The Evening Primrose flower (Oenothera biennis) preparing to open. As it’s name suggests the flower opens in the evening and by the following morning is already starting to shrivel up. It is said to have a number of medicinal properties. I believe in some parts of the world this is considered a weed, but here in the UK, although it does self-seed, it is never enough to be a nuisance.

Oenothera glazioviana ©Lavender Hedge

This is probably my favourite British wild flower. It takes me right back to my childhood when they were a common sight in fields and we used to pick them by the handful and stuff them into jam jars filled with water. I grow these from seed many years ago and they have happily spread themselves around the garden.

Yellow flower: Cowslips, Primula veris

When cowslips and primroses grow in close proximity to one another, they cross pollinate to produce an interesting variation called a false oxlip – in a true oxlip, the flowers droop to one side.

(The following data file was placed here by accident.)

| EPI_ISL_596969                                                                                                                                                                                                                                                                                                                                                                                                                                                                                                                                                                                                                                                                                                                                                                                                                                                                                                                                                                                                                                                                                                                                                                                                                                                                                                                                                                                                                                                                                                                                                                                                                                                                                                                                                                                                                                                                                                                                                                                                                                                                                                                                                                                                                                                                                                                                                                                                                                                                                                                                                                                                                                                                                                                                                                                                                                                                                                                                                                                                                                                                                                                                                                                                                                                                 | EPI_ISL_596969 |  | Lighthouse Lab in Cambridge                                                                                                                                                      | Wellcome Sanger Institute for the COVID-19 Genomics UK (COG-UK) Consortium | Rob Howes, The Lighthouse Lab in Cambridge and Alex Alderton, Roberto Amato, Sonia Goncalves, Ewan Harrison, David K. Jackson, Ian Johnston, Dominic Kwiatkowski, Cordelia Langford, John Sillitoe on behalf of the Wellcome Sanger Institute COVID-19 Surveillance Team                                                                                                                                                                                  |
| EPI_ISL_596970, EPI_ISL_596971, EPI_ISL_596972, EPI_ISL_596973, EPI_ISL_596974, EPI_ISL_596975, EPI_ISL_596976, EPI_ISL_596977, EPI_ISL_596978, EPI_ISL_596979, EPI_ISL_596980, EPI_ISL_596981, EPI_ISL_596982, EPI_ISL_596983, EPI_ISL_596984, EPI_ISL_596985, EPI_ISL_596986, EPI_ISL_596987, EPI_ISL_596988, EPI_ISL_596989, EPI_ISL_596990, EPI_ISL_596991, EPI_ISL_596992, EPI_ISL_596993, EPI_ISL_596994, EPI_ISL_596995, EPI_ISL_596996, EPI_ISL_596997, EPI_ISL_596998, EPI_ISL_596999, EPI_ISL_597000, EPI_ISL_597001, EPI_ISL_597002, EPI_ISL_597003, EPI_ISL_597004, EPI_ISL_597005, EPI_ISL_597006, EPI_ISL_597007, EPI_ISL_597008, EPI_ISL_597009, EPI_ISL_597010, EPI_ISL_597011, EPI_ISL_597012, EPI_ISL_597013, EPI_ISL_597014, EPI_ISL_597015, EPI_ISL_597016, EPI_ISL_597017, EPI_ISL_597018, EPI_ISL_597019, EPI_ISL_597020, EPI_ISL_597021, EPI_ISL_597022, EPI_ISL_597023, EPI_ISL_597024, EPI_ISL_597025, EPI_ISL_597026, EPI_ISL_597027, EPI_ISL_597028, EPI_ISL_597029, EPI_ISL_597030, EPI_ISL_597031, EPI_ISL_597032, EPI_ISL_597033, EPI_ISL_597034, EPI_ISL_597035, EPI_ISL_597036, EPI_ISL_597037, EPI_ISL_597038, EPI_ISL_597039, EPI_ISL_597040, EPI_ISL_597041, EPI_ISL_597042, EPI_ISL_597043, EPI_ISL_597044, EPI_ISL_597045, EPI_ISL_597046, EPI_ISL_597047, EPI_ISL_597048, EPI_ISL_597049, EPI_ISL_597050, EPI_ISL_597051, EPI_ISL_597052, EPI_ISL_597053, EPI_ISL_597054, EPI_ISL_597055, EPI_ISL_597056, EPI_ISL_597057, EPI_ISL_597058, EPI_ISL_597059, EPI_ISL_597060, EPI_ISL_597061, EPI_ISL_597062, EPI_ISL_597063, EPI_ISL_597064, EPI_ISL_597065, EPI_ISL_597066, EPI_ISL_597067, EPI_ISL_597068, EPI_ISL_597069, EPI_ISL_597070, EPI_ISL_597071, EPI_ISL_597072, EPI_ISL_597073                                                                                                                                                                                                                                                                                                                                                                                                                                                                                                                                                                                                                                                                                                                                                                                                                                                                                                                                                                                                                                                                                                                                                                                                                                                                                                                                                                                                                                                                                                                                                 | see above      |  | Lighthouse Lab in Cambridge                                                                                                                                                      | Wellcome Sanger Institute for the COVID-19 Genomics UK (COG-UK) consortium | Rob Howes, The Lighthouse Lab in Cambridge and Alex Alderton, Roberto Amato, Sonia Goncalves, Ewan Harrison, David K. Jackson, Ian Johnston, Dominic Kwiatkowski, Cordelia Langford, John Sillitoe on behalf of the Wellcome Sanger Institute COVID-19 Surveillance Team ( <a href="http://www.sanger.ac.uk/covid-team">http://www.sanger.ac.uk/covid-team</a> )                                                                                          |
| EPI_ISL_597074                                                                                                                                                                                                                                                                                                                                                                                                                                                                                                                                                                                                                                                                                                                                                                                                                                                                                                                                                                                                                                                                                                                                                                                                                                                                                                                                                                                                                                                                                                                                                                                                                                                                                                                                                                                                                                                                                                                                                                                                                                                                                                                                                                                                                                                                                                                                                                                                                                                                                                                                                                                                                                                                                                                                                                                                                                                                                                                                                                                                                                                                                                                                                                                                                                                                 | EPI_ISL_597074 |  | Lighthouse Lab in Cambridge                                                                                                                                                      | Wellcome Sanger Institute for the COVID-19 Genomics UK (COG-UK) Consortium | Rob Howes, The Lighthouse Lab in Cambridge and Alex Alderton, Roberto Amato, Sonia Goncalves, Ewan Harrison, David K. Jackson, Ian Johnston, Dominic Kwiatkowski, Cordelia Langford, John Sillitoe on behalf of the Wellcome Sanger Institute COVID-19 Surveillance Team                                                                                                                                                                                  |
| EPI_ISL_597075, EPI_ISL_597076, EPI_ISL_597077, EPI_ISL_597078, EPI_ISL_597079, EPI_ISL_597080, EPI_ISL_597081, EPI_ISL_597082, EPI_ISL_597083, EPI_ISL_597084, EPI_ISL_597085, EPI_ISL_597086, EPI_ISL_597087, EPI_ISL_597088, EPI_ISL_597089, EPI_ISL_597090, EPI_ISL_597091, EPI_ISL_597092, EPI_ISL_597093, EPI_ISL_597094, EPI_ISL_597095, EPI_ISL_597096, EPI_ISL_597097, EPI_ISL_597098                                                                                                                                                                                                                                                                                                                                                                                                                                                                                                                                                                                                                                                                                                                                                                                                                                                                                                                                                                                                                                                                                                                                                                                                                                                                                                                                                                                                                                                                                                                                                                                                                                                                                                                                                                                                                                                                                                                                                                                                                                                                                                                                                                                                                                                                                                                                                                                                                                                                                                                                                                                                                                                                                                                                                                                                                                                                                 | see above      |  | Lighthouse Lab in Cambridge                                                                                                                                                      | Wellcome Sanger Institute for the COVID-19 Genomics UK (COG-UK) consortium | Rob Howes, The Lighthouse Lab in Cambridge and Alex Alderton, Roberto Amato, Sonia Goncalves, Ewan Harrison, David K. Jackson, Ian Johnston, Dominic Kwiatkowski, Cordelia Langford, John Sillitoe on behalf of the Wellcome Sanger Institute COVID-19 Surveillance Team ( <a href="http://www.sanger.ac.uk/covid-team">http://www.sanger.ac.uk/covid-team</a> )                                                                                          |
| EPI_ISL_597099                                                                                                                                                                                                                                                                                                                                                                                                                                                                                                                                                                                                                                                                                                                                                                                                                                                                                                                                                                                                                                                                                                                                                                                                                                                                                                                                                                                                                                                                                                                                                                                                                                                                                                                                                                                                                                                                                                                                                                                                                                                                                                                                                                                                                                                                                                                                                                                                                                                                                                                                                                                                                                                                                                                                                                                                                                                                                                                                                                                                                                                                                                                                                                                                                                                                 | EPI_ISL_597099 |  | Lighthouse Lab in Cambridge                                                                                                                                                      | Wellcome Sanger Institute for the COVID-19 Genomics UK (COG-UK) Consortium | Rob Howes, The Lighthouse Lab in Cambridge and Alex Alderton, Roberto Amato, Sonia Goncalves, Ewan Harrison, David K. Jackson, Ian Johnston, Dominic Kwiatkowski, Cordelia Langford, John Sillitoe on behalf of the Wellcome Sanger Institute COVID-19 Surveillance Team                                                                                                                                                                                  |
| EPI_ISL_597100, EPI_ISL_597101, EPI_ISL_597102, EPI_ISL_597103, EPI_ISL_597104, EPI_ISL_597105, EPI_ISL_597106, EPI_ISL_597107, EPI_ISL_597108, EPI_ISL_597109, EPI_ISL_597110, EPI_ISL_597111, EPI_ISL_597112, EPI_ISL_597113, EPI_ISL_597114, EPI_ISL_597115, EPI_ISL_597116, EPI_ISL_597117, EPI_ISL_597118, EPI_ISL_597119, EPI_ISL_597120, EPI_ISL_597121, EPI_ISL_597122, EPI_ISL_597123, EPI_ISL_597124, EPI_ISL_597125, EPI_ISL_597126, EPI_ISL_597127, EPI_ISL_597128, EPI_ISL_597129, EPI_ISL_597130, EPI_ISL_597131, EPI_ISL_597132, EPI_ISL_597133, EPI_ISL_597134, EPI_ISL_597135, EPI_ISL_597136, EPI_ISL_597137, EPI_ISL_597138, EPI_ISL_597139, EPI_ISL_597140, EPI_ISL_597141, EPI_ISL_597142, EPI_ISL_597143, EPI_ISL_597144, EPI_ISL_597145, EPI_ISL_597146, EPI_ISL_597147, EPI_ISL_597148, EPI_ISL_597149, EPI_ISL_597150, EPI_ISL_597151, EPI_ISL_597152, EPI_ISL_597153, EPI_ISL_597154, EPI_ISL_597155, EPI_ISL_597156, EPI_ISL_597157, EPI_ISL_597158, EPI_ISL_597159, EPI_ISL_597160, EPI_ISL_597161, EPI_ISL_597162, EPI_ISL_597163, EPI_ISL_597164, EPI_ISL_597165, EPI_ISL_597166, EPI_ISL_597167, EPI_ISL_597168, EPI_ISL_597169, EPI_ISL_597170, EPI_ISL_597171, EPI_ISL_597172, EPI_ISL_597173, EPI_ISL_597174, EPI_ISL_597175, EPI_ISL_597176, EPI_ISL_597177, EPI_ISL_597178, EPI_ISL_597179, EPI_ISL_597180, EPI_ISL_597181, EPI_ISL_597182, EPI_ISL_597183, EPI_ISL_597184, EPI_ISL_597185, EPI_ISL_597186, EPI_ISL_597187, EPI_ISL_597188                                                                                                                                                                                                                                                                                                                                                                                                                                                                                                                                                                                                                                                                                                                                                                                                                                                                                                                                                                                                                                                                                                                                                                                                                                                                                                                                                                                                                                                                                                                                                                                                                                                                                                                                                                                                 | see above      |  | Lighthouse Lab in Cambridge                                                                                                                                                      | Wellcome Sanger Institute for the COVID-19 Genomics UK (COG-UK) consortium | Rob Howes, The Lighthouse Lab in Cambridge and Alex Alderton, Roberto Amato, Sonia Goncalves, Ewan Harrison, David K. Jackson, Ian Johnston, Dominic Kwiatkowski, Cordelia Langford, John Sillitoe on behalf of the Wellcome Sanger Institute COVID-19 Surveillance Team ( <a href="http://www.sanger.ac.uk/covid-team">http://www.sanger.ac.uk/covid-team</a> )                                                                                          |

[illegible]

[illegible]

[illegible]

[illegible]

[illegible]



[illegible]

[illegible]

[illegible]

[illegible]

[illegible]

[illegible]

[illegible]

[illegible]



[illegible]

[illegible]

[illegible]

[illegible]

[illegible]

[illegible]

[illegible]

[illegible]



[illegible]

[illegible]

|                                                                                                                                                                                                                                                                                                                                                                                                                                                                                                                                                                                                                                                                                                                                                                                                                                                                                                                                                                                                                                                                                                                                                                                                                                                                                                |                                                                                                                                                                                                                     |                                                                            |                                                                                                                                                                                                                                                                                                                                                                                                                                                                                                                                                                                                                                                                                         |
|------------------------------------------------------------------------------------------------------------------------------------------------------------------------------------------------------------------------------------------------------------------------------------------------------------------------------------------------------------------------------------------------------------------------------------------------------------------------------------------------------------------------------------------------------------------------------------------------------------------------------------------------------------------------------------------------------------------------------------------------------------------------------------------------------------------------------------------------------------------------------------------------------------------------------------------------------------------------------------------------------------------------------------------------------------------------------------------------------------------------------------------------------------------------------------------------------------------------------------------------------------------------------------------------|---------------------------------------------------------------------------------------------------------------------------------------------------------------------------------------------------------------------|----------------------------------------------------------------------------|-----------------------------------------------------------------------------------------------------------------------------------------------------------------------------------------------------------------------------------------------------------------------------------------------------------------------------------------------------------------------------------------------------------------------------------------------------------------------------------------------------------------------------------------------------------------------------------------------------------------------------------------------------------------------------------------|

False oxslip

Spotted the first ladybird of the year today – a Seven spot ladybird. We hardly saw any last year and as a result had so many aphids on the runner beans. I do hope this little lady survives and has lots of babies to eat the aphids!

7 spot Ladybird on daffodil

The wild primrose is pale yellow with a darker yellow centre and is commonly found on banks and in woodland clearings. It’s name means ‘first rose’ and is also known as ‘Easter Rose’, although it is not a member of the rose family. When you see it flowering, it is a sure sign that spring is on the way. The flowers are edible. Easy to grow and will self seed. Perennial, flowers March-April

Wild primrose

The brightly coloured primroses sold in garden centres are cultivars and are treated as annuals.

Annual primroses in use as bedding plants